Elizabeth Jacobs Quinton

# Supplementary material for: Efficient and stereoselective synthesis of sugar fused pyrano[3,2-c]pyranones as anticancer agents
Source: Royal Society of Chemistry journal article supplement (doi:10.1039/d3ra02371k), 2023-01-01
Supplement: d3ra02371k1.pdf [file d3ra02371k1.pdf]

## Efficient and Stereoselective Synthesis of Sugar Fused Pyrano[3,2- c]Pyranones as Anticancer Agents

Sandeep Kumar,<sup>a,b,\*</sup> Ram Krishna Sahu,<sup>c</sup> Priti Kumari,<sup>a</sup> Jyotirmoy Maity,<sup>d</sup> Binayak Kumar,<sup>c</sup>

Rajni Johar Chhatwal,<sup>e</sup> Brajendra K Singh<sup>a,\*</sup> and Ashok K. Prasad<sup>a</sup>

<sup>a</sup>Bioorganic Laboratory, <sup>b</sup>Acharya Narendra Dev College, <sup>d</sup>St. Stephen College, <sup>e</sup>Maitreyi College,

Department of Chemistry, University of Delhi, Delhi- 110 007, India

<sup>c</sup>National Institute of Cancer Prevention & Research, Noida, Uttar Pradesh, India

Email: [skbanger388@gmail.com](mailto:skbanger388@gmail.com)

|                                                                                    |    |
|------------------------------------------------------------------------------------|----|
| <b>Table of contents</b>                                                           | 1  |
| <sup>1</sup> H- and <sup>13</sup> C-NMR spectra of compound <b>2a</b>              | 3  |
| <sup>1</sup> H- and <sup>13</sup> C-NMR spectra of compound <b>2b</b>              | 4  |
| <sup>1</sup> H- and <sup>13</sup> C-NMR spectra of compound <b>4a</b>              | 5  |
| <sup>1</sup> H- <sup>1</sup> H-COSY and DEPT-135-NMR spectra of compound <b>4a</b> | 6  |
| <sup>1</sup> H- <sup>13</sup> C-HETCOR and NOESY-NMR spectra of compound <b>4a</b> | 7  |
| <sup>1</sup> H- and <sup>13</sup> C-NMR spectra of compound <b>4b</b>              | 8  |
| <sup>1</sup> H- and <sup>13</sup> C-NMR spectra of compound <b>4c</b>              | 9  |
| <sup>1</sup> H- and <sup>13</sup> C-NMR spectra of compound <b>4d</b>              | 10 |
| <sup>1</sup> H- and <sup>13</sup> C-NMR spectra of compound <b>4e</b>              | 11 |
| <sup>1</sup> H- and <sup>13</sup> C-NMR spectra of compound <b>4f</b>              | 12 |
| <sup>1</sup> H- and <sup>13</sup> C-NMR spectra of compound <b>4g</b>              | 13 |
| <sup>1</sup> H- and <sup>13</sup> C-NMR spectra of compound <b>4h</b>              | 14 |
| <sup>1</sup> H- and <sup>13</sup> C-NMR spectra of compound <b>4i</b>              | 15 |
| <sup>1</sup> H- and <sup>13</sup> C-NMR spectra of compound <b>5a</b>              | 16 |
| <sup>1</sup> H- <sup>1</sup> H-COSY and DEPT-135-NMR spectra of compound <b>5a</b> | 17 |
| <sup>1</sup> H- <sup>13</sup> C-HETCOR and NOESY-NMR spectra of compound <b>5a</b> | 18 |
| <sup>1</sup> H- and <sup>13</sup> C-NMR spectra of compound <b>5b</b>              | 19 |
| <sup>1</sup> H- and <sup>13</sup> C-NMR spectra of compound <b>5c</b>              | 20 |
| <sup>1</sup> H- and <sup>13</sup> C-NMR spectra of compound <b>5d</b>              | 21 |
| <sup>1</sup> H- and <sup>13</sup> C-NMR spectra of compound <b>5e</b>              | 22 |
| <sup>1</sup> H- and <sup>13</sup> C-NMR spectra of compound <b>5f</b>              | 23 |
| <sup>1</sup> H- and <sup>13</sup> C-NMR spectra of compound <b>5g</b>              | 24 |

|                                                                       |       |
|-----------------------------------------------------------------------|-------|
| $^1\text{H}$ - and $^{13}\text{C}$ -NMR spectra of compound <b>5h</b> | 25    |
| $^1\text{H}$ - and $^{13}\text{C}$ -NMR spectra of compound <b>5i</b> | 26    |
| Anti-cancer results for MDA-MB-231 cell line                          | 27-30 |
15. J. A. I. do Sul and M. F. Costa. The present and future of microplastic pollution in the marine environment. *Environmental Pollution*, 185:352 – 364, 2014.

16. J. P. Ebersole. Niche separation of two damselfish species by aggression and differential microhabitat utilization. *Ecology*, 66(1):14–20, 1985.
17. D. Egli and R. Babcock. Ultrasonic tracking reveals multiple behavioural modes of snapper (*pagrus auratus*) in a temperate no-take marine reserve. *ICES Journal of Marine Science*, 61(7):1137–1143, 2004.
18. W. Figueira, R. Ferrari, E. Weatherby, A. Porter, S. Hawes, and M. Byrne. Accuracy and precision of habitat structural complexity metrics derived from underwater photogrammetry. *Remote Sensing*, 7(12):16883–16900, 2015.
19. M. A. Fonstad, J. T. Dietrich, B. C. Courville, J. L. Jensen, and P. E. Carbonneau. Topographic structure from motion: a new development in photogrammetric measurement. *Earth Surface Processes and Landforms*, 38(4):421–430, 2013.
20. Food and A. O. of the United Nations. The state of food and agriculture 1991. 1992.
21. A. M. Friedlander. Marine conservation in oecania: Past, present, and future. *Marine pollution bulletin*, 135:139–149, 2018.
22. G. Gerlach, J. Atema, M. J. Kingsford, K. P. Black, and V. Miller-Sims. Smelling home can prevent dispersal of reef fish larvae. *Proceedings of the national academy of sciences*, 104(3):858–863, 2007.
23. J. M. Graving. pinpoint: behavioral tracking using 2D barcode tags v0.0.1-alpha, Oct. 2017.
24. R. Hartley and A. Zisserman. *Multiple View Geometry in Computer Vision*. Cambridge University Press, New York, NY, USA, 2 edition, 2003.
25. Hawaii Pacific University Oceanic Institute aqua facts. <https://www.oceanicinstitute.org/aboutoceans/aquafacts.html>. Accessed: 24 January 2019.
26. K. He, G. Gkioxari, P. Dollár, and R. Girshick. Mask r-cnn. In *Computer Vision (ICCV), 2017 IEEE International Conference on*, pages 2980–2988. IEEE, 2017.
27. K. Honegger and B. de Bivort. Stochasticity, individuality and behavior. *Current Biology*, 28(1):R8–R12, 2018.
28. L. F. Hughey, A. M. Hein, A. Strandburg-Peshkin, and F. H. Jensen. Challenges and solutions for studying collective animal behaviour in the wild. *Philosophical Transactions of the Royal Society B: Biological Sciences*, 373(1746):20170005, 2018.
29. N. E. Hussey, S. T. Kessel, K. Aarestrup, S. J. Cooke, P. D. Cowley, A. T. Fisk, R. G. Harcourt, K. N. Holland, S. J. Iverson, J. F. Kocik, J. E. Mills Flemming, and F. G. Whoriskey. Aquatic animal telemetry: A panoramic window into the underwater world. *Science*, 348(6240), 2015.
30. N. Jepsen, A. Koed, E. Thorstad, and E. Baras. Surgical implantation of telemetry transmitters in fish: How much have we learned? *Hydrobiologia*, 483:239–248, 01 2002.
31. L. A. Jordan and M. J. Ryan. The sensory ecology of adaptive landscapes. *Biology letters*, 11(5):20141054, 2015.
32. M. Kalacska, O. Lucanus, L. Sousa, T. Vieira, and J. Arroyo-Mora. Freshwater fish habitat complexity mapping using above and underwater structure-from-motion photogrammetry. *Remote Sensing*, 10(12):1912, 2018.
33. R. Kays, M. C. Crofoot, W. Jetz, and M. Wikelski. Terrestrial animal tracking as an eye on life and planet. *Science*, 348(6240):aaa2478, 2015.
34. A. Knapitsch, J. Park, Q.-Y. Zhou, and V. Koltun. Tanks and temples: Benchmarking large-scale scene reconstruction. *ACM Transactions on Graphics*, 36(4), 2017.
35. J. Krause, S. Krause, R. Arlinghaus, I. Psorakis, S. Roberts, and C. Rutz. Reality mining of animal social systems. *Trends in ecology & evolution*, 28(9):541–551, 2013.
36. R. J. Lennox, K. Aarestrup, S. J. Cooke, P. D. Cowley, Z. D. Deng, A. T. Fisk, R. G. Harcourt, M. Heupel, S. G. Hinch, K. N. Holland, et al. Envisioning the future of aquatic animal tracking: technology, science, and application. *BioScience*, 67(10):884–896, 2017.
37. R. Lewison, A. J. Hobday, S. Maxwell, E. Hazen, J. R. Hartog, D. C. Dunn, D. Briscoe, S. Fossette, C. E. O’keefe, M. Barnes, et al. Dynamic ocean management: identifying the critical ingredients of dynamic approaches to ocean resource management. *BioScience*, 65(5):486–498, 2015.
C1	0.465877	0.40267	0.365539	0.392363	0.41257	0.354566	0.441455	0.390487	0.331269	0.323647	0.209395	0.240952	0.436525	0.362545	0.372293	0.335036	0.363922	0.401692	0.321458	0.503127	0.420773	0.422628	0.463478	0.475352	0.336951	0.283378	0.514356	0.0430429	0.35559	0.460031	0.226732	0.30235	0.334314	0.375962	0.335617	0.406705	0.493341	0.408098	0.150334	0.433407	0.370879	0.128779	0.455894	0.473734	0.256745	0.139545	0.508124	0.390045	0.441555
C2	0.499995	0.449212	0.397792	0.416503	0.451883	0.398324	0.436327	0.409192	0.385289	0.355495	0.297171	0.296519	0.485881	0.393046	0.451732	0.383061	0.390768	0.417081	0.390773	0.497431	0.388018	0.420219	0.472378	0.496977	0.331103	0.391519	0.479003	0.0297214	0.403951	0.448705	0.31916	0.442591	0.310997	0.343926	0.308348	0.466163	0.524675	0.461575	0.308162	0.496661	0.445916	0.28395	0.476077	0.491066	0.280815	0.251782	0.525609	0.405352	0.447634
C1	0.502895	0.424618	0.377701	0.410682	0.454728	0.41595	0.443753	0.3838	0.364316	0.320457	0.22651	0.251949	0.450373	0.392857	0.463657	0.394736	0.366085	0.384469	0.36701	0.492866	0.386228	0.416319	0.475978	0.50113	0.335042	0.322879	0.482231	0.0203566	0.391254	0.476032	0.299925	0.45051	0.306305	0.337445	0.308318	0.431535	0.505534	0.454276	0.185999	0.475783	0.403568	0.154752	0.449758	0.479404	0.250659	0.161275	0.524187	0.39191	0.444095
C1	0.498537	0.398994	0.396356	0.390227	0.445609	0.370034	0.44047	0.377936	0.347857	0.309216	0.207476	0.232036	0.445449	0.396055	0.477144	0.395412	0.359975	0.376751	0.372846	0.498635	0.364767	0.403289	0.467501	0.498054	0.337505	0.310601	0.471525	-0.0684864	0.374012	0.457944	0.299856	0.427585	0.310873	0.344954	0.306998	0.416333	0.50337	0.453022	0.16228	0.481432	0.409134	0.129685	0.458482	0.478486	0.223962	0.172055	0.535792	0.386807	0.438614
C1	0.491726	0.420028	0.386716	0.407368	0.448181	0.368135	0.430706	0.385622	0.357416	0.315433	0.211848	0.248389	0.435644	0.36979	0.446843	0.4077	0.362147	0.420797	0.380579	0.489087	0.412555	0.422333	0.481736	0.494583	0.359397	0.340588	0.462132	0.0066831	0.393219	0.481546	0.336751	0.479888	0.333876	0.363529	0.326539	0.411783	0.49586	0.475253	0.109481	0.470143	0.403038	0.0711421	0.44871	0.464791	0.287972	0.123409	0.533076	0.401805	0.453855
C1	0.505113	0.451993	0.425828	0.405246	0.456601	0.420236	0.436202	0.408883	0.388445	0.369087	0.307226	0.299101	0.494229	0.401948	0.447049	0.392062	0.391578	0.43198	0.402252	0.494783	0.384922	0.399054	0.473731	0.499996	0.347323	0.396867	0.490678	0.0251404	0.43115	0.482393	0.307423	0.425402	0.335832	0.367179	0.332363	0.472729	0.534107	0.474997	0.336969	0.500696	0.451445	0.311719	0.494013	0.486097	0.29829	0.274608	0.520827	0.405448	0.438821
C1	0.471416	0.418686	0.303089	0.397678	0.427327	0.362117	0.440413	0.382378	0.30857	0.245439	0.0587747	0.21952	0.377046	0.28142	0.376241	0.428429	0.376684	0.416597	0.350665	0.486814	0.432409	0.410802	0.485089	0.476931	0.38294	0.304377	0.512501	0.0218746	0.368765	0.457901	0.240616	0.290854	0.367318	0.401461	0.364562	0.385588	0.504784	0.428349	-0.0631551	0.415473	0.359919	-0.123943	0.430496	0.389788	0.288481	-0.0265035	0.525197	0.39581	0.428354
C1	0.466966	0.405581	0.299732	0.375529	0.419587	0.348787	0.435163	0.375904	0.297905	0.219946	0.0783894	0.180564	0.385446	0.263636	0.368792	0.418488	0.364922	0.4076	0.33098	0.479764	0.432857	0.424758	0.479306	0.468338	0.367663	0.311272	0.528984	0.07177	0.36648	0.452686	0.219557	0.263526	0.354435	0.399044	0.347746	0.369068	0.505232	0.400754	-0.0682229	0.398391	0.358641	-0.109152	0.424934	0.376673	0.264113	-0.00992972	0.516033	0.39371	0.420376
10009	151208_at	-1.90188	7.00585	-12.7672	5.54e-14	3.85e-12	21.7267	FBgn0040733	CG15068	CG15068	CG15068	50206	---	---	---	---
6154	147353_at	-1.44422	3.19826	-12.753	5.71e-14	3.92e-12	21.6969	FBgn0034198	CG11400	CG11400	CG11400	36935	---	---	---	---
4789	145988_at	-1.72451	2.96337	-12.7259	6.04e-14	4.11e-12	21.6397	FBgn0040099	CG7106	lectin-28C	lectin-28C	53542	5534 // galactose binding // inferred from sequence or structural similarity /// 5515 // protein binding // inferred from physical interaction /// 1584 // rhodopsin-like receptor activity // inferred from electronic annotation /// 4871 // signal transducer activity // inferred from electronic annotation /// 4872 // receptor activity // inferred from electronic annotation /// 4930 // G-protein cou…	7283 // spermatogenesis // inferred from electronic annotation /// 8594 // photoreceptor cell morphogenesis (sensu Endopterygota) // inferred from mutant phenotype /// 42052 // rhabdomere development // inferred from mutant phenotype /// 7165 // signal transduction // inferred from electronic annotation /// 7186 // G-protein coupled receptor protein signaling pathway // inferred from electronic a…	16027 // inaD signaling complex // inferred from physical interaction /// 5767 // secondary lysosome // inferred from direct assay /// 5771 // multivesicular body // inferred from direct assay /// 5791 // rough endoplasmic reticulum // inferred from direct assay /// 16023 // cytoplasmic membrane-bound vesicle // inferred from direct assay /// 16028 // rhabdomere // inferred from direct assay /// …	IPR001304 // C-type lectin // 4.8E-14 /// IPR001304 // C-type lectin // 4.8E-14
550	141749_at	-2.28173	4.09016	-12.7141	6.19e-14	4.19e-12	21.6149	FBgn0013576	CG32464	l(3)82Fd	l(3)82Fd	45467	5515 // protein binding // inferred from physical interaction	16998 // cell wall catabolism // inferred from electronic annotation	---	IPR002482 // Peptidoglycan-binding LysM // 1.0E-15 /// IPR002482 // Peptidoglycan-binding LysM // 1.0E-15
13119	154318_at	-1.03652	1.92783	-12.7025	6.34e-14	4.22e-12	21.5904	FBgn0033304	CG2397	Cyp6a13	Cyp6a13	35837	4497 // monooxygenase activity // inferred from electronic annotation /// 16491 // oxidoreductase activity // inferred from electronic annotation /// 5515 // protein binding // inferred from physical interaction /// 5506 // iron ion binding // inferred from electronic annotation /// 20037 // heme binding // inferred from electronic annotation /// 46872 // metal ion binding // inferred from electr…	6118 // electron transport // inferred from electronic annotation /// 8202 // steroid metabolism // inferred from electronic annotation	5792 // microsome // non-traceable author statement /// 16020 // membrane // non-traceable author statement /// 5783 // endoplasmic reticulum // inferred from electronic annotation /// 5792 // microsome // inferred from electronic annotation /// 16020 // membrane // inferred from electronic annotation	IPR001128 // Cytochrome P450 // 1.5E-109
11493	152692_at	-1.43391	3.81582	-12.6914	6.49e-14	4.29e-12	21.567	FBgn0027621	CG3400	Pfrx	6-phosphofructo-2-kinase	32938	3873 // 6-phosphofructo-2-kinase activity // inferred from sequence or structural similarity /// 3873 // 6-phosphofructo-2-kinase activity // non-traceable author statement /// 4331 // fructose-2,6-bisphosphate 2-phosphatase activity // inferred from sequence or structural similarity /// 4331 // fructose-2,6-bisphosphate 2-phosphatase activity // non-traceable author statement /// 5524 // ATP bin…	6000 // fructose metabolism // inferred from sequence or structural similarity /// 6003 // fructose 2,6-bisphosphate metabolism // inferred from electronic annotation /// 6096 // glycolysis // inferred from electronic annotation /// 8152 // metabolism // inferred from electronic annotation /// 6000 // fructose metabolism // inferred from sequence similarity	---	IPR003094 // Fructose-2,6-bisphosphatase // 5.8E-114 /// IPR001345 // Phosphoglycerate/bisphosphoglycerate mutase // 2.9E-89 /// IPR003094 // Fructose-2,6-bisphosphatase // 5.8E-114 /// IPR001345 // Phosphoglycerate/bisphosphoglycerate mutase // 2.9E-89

Elizabeth Jacobs Quinton was born to Levi Jacobs and Rebecca Caroll. She was born in Mississippi and came to Fort Smith when she was 13 years old with her mother and father. Elizabeth married a captain in the Civil War. His name was Beverly Young. She would sometimes sneak out at night to carry food and visit. He would tell her terrible stories about the trees and branches running red with blood. He was eventually killed in the civil War. Beverly and Elizabeth had one son named Jeff Young. Jeff was married to Kathryn. They had six children: Loatie, Willie, Lizzie, Levi, Dolly and Dougin. She finally married Samuel Quinton. They had several children. She also raised her two grandchildren from her daughter, Roxie. When Elizabeth had raised her children and grandchildren and they all had left home she took in a Creek Indian by the name of Dan Grayson. He was of great help to her. After he died, she went to live with her granddaughter, Maggie Huggins and family. While Elizabeth was able she did quilting and raised her own tobacco. She would braid it into a twist. She said her tobacco would not hurt her, but she would not smile cigarettes. She never ate fried foods, only boiled. She ate not white bread, only corn bread made with salt and water. When spring came she loved to pick wild greens and onions. When it stormed she would read the Bible. Once it blew the roof off her house, she said she was not afraid because if it was her time, it would be her time. Elizabeth had a one-horse buggy and mare named Twisty. When Dan the Creek Indian was alive, he would walk by the side of the road and lead Twisty and Elizabeth. Dan was too heavy for the horse. The horse was struck by lightning and killed; it was a great loss to grandma. She then moved to the territory, which is now Oklahoma. The town was eventually named after her, she lived on San Bois and had her home where she raised all her children and two grandchildren in that house which was about four or five miles south of the town. The town Quinton was a nice little town and had everything one needed: three grocery stores, we traded with Joe Coart; three doctors, Dr. Thomas and Dr. Bullard are two remembered; a jewelry store, Goodale Jewelry; two banks; clothing store, Flowler brother Handsome Men; Pollick ran the hardware store; two large garages Jimestyles and Williams brothers; restaurants, barber shop, a beauty shop and two bars. Years later she moved about three miles north to be near her son, Sam Quinton and family.